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USC Film Review: Winning in the Trenches

Take a break from the coaching carousel to savor Notre Dame's victory over USC a little longer.

Harry How

Notre Dame’s game against USC flipped the script from the past ten years or so. Typically, USC has been the more physical team and pushed Notre Dame around the field. Just going back to the beginning of the Charlie Weis era, here are the rushing totals in the Irish’s games against the Trojans:

2005 153 175
2006 130 139
2007 48 227
2008 50 175
2009 82 121
2010 147 80
2011 41 219
2012 222 95

Not surprisingly, the only two wins on that list are games were the Irish outrushed the Trojans.

In an era of pass-first spreads and no-huddle offenses, traditional offensive tenets like time of possession and rushing yards have taken a backseat to points, points, and more points.

Sure, points are great and all those yards are flashy, but if Notre Dame fans have learned anything in the past eight years, the old-fashioned recipe for success – running the ball on offense and stopping the run on defense – can still win you a lot of games. There’s a lot of ways to win football games, but controlling the line of scrimmage and holding on to the ball work just fine.

Against the Trojans, the Irish more than doubled USC’s rushing yards and held the ball for nine minutes longer. Check and check.

Notre Dame controlled the line of scrimmage with very nice offensive-line play. They were a little shaky early in the season (Michigan, anyone?) but they seem to be gelling nicely now.

Let’s look at one play that illustrates this point. It’s just a simple inside zone run but the blocking from the offensive line was outstanding.


This was the first play of the game. This play is interesting for two reasons. First, this broke one of Kelly’s tendencies. With Eifert and Riddick lined up to the boundary side, this play screamed "speed option" all the way.

Second, the run went to the weak side of the formation. In a zone blocking scheme, gaps are very important. Lining up a tight end to the play side creates another gap the defense has to account for. Lining up two tight ends on the same side creates another gap the defense has to fill. If a running back is patient and has good vision, a gap will open up and the running back will run through it. Running to the weak side limits the number of gaps and puts more pressure on the offensive line. I have a feeling Kelly and the rest of the coaching staff liked their matchup in the running game and wanted to run right at the Trojan defense.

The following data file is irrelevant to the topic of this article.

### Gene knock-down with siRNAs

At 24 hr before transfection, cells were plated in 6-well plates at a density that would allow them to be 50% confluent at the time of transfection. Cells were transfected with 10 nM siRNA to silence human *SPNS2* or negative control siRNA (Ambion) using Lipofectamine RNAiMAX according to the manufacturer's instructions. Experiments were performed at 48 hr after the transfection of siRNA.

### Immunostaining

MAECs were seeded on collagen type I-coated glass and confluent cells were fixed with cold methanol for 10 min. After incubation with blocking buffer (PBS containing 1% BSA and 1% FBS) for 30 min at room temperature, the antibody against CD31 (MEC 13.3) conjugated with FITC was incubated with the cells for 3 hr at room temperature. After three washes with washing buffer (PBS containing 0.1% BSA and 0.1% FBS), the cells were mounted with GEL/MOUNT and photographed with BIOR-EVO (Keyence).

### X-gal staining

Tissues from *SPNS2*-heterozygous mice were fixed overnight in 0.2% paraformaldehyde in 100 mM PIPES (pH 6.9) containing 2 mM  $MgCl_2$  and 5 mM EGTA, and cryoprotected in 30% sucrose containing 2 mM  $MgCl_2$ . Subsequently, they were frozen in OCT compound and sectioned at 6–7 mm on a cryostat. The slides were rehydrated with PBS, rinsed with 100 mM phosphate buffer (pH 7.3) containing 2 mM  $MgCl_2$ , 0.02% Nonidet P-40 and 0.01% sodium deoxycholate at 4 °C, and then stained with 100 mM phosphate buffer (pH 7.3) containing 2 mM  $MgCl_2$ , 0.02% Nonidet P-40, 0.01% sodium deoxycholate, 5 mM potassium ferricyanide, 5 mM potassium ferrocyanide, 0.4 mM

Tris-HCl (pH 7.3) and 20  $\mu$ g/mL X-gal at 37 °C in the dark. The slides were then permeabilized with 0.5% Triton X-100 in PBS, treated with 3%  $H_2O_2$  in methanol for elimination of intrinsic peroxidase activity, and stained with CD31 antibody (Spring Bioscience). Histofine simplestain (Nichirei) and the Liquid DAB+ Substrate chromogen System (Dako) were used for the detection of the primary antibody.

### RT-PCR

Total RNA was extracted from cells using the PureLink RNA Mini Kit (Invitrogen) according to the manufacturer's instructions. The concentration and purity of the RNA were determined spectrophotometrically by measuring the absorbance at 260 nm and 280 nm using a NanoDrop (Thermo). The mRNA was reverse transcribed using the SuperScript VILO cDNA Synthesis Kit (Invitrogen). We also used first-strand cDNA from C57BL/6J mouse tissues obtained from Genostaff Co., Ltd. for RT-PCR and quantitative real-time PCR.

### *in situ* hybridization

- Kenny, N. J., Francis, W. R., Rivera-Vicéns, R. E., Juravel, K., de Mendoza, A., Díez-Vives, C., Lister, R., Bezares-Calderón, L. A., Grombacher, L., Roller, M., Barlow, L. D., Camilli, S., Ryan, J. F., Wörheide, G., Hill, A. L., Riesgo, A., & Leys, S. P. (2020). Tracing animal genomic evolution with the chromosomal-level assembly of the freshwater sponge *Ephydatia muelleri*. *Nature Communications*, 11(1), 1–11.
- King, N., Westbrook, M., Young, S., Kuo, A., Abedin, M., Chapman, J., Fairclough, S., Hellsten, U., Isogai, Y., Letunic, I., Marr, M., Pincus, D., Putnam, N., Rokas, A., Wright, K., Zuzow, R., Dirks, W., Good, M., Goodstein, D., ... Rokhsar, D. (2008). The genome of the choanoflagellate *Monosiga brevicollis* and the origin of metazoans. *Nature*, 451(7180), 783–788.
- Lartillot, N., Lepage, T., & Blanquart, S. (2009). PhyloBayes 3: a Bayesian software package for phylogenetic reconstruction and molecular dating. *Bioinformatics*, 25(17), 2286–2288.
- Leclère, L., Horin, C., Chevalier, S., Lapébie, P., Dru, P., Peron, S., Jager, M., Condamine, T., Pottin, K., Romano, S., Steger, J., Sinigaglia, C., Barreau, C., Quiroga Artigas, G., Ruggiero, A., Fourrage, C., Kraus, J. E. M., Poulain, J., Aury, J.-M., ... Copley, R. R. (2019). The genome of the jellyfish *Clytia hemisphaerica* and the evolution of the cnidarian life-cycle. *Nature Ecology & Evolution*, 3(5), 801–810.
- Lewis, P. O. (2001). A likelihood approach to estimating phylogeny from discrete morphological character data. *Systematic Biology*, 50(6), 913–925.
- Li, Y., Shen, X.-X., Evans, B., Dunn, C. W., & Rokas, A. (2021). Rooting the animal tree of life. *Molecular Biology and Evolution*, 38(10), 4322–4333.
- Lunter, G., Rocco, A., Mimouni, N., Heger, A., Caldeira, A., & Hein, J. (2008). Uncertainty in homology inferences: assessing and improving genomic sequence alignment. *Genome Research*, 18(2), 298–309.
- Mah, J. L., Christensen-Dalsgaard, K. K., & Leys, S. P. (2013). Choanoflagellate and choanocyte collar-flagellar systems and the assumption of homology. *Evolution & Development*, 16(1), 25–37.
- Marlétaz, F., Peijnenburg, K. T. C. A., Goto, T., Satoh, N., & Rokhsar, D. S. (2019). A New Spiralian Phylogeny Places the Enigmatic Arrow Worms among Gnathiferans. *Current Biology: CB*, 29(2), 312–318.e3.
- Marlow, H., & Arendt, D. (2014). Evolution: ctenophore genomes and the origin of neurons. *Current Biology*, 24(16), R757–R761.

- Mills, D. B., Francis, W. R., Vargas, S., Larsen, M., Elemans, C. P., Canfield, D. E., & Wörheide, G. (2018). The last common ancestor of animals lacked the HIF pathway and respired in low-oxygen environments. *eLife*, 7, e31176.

The blocking assignments are pretty typical. Lombard, Cave, Watt, and Martin take the defensive linemen while Golic moves up to take the middle linebacker. Eifert takes off downfield.


Trojan defensive tackle George Uko (#90) tries to cut outside of Cave, but Cave uses his momentum to push him outside. Leonard Williams (#94) tries to dance a little with Watt and also tries to go to Watt’s right, so he just keeps pushing him in that direction as well.


And, oh, look – there’s Zach Martin doing something awesome. He puts Wes Horton on roller skates and blocks him backwards three yards and then decides to show him what the middle of the field looks like. Horton didn’t have any say in the matter.

Riddick didn’t have much of a hole to run through because of Uko, but Cave, Watt, and Martin form a wall on the backside and Riddick cuts back for a gain of 12 yards.

Think about what happened on this play. Notre Dame blocked everyone on the USC line straight up. There were no double teams, no chips, and no lead blockers. They took the fight right to the Trojans and set the tone early by not only winning their matchups on that play, but dominating them.

This isn’t about X’s and O’s and decided schematic advantages; this is just being tough and physical in the trenches. Notre Dame is finally the team punching the opponent in the face on every play.

And that’s how you go 12-0.